Greetings from Chicago! I’m in town this week because Ross is here for work and I just can’t say no to visiting one of my favorite cities. Ross has been working the same gig in Chicago every year for the past three years so it’s become a tradition every summer to dine in Wicker Park, go to a live recording of Wait Wait Don’t Tell Me, hang in the backyard of my favorite blogger pair, and admire the architecture throughout the city.
These “not longer life” photographs are reinterpretations of classical still life paintings, but with a twist to highlight plastic pollution and consumption. The art major and environmentalist in me really digs these.
I came across a book that dives into how to design an efficient kitchen in the year 1914. I absolutely adore it because 1. My home was built in 1914 so it seems beyond fitting 2. I love seeing the traditional tips for kitchen storage and functionality that I strongly identify with - no matter how much it differs from popular opinion (kitchens shouldn’t be huge nor part of an open floorpan) and 3. Some of the concepts are just funny and so different from today’s ideas (one 60w incandescent bulb is enough lighting for a 12’x12’ kitchen). Anyway, I’m loving it and I always find value in looking back at how kitchens have evolved for better or worse. I wrote a whole post about this when taking a close look at the kitchen in The Marston House.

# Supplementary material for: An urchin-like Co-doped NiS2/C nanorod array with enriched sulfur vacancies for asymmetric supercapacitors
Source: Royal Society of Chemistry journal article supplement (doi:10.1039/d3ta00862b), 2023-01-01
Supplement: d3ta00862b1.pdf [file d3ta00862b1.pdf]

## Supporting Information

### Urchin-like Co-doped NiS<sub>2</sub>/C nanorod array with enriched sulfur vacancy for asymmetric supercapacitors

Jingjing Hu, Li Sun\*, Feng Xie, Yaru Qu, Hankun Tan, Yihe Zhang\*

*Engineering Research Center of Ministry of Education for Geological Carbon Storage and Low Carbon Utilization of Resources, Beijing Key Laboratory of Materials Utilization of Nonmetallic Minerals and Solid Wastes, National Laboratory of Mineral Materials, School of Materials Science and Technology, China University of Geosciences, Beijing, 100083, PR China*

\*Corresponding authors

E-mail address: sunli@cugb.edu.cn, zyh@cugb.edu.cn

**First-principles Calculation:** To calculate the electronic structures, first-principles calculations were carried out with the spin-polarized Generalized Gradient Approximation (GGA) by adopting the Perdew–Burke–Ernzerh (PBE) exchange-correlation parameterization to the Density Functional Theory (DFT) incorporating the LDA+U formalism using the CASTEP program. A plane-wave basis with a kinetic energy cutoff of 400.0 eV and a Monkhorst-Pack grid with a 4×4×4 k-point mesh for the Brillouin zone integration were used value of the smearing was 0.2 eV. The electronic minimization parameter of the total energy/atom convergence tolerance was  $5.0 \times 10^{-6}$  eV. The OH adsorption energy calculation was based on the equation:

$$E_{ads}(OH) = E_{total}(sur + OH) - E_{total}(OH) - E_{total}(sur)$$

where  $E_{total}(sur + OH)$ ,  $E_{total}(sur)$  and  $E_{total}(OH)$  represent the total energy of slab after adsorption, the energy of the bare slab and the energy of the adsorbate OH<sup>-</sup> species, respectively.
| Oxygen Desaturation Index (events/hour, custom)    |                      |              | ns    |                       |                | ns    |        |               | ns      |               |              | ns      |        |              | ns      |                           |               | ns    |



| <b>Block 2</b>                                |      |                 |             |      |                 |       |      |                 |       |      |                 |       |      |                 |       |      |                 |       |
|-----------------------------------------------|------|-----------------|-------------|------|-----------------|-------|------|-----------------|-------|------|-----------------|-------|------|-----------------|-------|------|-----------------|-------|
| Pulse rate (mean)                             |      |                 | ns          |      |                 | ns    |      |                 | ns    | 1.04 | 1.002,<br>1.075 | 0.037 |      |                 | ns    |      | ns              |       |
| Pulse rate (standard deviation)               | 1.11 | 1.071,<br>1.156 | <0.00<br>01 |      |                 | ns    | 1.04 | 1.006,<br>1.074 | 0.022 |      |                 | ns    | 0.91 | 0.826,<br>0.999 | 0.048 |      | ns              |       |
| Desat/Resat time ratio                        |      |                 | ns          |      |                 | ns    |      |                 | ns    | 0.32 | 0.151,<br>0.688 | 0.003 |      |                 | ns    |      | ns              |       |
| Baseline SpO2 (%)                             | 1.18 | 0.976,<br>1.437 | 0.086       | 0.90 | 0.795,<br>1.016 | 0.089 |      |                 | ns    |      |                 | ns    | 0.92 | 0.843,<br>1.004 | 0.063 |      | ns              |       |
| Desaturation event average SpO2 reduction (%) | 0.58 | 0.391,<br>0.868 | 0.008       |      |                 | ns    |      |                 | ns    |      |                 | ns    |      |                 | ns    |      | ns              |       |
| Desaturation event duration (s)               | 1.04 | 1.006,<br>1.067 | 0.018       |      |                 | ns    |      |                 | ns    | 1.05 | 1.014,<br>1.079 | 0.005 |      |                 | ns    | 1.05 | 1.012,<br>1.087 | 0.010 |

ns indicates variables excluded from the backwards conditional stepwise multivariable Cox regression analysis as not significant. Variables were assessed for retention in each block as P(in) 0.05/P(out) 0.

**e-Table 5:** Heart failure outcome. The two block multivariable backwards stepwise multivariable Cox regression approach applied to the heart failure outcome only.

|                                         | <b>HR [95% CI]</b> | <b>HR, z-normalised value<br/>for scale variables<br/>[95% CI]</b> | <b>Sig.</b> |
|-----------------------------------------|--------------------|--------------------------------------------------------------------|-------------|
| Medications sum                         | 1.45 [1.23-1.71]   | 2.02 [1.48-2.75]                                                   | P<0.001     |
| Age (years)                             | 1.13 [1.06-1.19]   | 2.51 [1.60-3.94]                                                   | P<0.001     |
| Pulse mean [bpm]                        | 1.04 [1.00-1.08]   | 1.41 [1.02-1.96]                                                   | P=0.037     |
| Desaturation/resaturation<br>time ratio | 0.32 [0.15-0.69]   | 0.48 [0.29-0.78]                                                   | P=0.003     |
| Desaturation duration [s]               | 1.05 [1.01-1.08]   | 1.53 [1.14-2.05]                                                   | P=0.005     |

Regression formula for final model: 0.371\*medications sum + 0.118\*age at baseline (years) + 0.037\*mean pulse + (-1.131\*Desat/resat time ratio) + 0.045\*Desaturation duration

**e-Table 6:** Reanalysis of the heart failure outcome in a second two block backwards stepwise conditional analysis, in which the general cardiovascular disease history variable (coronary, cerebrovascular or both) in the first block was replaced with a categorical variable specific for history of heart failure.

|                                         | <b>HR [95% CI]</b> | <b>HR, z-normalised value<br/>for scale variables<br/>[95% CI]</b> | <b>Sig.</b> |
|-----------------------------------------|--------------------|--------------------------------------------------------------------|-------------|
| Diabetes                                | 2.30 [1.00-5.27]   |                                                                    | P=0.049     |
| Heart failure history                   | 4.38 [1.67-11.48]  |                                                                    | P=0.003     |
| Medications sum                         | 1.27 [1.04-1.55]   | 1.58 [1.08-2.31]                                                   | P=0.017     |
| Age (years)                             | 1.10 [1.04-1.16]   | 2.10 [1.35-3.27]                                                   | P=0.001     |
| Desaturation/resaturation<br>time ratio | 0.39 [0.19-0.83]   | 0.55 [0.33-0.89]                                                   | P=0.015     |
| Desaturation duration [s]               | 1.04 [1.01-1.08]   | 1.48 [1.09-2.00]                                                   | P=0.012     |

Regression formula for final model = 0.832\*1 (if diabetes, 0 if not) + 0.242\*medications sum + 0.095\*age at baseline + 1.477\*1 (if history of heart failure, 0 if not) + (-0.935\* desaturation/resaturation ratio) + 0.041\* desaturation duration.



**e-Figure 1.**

A favorite design team, Workstead, made over a 19th century cottage and I adore it.
Do you follow Cheap Old Houses? You should. Elizabeth shares listings for old houses around the country listed for under $100k. They are fun to admire but more importantly she’s promoting preservation and people are buying the houses to restore them! I recently bought a couple of the t-shirts she sells, too - this one couldn’t be more me. Should it be my slogan?
The Still We Rise auction is back! Hundreds of items from markers, artists, and small businesses are available on the Instagram auction and 100% of the purchase price is donated to organizations fighting for reproductive rights. Go get bidding!
You’ve heard me talk about cutting out single-use plastics and reducing waste for awhile now. I’m guilty of buying a few reusable replacements for the single-use items, but I’m now getting irked seeing brand new “eco-friendly “ products for sale. Take a look at this article and think about how wasteful it is to buy those replacements that have a big impact beyond the plastic they avoid. When thinking about shipping and manufacturing waste, also think about where these factories are and what they do to the communities the live near them. And check your privilege. Zero waste and environmentalism goes far beyond cutting out the plastic bag at the grocery store - it’s a human rights issue, too.
Thank you all so much for your virtual cups of coffee and insanely kind words. Y’all are too good to me.
Well that’s it for today, I’m off to go hang out with everyone’s favorite instagram pup.